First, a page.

After more than five years of turmoil, the U.S. genuine mahogany market has finally stabilized, and the country’s housing crisis can take credit for that. U.S. wholesalers have warehouses filled with mahogany, but there is one key ingredient missing — buyers.
“There’s nothing going on,” says a dejected William von der Goltz, a wholesale importer with Downes & Reader Hardwood Co., based in Stoughton, Mass. “We’re bringing some in here and there, but I’m talking about bundles of wood, I’m not talking about truckloads. If you are comparing what we are doing now, the activities today, with activities that we had a year ago, it’s just a drop in the ocean.”
Genuine mahogany (Swietenia macrophylla), also known as Honduras mahogany, bigleaf mahogany, and South American mahogany, is exported in the form of logs, sawn wood, veneer sheets and plywood. Mahogany trees reach heights up to 150’ with trunk diameters as large as 7’. Its primary growing region is South America and, to a lesser degree, in Central America and small portions of Mexico. It is the most valuable timber species in its growth area and its uses include fine furniture, architectural millwork, paneling, cabinetry and boatbuilding.
“Nobody is buying it because of the financial crisis,” von der Goltz explains. “It’s the other side of the coin now. We can buy mahogany anywhere and anytime. Its plentiful, prices are stable, but the market in the United States is not buying.”
“We’re still selling to furniture makers; that market is down, but it still is ongoing,” says Lou Irion of Irion Lumber Co. in Wellsboro, Pa., a seller of genuine mahogany for more than 30 years. “We’ve seen the greatest change in the architectural millwork [market]. We brought in quite a bit [of mahogany] just when that market died. But we’re actually glad to have that inventory because the quality of the mahogany that we’re seeing today is [inferior] to what it was.”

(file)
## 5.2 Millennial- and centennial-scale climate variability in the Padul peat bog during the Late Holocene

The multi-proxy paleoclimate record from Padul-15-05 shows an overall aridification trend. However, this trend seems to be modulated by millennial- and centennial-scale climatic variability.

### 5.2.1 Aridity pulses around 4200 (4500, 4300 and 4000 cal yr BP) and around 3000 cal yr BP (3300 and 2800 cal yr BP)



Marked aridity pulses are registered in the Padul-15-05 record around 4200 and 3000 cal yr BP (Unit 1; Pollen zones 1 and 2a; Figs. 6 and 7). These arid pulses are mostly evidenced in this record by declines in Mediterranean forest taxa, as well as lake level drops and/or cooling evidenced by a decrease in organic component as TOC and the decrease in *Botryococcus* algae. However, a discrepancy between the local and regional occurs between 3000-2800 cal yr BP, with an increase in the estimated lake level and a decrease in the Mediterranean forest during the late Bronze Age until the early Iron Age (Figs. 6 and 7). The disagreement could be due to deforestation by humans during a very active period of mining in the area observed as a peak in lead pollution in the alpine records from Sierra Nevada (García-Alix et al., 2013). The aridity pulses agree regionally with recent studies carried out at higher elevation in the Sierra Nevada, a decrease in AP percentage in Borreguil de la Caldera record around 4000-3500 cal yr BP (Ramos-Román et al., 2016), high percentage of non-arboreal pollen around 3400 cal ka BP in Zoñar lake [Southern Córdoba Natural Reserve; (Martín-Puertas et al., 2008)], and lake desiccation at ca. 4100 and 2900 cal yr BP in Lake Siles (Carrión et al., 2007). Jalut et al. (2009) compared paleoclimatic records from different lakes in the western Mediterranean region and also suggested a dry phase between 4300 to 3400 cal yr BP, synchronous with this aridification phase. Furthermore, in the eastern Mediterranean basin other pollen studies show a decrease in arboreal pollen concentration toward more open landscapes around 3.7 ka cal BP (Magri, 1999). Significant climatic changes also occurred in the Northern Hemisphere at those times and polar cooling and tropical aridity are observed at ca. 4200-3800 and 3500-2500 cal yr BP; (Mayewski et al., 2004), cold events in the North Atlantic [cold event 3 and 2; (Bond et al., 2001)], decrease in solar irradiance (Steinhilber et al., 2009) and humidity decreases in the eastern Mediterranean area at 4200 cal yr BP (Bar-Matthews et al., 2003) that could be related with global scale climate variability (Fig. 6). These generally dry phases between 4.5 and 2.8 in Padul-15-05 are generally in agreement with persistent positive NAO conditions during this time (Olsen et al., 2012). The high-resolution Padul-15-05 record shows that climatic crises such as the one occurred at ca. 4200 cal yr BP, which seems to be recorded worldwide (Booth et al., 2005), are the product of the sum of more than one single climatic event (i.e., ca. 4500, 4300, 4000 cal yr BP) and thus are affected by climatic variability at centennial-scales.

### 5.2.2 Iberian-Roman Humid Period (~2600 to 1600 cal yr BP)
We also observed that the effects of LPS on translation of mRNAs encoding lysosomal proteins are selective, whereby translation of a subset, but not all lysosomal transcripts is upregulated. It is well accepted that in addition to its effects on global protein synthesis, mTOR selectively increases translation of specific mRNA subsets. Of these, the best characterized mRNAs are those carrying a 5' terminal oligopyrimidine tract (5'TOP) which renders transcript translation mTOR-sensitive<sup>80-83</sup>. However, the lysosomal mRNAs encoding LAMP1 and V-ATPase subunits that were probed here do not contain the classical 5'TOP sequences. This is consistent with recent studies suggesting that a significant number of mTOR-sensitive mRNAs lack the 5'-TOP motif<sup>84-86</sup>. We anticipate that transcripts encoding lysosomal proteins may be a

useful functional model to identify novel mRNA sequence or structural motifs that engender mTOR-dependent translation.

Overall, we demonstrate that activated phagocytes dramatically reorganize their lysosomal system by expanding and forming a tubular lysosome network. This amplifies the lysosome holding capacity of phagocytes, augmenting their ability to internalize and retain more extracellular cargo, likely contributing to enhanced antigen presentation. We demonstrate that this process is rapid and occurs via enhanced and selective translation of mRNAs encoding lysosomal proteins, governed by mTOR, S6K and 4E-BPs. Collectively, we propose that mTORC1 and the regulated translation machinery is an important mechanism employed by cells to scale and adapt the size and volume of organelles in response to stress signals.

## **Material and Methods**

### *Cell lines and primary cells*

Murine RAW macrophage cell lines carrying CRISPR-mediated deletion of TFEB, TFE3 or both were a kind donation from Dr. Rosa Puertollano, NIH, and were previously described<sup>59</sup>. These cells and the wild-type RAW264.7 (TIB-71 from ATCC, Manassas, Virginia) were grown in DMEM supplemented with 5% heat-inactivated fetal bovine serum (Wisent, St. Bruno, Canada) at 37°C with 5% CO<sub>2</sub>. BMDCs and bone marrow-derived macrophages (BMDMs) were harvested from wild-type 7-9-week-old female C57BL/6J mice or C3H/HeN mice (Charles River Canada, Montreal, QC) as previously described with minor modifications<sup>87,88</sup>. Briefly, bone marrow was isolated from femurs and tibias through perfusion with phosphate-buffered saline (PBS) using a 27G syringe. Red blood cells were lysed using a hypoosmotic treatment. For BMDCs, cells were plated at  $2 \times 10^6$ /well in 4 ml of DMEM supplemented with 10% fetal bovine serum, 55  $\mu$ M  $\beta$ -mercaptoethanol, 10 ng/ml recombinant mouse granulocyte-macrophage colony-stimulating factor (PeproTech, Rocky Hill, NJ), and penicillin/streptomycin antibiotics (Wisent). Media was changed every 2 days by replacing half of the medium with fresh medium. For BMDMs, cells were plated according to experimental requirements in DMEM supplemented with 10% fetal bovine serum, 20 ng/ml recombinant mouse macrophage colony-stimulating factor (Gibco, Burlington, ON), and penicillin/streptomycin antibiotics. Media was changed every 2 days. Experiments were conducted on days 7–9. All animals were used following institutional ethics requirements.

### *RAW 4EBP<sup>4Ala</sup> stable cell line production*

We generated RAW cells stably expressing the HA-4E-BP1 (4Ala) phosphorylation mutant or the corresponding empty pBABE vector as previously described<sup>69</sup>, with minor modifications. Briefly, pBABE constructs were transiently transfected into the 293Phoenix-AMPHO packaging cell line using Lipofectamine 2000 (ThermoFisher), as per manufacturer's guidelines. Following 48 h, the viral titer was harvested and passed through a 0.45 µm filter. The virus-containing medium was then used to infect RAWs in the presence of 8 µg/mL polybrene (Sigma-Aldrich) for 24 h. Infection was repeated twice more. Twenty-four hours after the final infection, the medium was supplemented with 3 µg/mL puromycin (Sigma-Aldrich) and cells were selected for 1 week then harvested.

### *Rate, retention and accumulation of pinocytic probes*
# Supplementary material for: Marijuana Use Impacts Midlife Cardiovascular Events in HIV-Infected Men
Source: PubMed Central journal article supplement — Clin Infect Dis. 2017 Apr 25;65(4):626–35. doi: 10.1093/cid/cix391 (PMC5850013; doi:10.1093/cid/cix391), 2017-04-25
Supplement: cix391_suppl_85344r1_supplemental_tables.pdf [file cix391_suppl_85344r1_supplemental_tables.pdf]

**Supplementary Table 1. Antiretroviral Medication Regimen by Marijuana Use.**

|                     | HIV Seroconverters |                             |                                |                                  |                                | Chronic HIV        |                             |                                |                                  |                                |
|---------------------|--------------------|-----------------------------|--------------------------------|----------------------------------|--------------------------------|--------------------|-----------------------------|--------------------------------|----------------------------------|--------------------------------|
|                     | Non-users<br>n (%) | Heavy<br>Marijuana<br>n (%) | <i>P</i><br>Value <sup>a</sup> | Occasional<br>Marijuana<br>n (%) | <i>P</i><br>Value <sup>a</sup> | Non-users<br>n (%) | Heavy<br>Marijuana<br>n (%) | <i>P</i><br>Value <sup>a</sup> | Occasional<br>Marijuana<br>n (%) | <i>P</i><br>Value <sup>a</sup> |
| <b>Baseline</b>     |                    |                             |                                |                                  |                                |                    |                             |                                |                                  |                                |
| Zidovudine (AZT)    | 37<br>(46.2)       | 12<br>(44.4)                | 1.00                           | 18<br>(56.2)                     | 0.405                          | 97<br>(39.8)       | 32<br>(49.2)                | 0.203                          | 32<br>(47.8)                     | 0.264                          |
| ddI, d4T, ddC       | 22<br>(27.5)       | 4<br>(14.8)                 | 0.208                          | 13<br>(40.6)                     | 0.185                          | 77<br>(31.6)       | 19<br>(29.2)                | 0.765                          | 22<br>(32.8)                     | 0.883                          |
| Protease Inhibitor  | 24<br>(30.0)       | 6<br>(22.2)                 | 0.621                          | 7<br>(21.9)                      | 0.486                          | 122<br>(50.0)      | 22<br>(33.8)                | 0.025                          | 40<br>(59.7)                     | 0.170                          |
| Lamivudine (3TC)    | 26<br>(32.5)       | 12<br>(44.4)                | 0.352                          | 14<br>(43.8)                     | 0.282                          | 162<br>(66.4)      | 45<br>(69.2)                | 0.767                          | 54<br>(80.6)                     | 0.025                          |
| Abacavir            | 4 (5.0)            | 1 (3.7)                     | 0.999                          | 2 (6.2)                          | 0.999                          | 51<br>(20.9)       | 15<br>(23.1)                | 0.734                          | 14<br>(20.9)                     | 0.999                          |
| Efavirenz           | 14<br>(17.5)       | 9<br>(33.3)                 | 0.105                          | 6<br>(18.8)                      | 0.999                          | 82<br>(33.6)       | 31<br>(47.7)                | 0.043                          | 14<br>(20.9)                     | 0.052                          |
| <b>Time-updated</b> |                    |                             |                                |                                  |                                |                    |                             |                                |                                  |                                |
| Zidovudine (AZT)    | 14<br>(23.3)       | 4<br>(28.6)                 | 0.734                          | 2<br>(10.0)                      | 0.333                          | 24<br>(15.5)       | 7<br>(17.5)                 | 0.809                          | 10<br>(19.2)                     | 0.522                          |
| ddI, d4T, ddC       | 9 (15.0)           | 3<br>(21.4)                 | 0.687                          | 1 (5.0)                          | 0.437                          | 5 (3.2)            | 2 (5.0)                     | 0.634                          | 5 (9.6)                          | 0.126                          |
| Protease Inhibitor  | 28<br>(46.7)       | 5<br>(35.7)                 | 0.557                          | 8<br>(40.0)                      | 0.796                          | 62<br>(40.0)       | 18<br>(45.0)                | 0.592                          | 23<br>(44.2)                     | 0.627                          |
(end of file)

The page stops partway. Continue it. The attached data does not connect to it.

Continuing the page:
In November 2003, the Convention on International Trade in Endangered Species of Wild Fauna and Flora (CITES) imposed stricter regulations on mahogany trade by officially listing it on CITES Appendix II. Shipping of Swietenia macrophylla — in the form of logs, sawn wood, veneer sheets and plywood — must be accompanied by a CITES Appendix II export permit. Shipments from Brazil stopped and the small amount of mahogany exported in the last few years has come from Peru and Guatemala.
Wood markets are always driven by supply and demand. Ironically, with mahogany supplies currently high and demand quite low, prices have remained near their all-time highs.
“The price has not come down, it is at the very top of its market price and the quality is way down. So, for a lot of people, it is one thing to pay good money for quality, it’s another thing to pay $7 to $8 a board foot for junk,” notes Irion. “All the markets are stalled, nothing is moving, everywhere we go — cherry, oak — everything is just dead in the water.
“The other thing we’re seeing is very little width and very little length. The stuff that is coming in is coming from different markets. A lot of stuff is coming in from Guatemala. It’s FSC-certified, but it’s second growth and the quality of that material isn’t very good.”
“Everything is extremely slow,” says von der Goltz. “I’ve seen the situation back in 1981, when we had a recession. It’s very similar, although at that time we knew that something was happening down the road. Today, we are just basically waiting. It’s like you are in a big line with a bunch of people holding hands, and there is a cliff that you need to jump over to get to the other side. Everybody is looking at each other to see who is going to be the first to go, but nobody’s doing it.
“Until the moment when we evacuate all this inventory in the country, we are going to have a different supply reality, and that stuff is going to last until the moment the wheel starts to move again. At this point, it is getting rusty. I’m not optimistic.”
Nationally, retail prices for kiln-dried 4/4 FAS genuine mahogany, surfaced on two sides, ranged from $8.85 to $11.20/bf for 6” to 8” wide boards. Greater widths and thicknesses up to 16/4 are easy enough to find.
— Brian Caldwell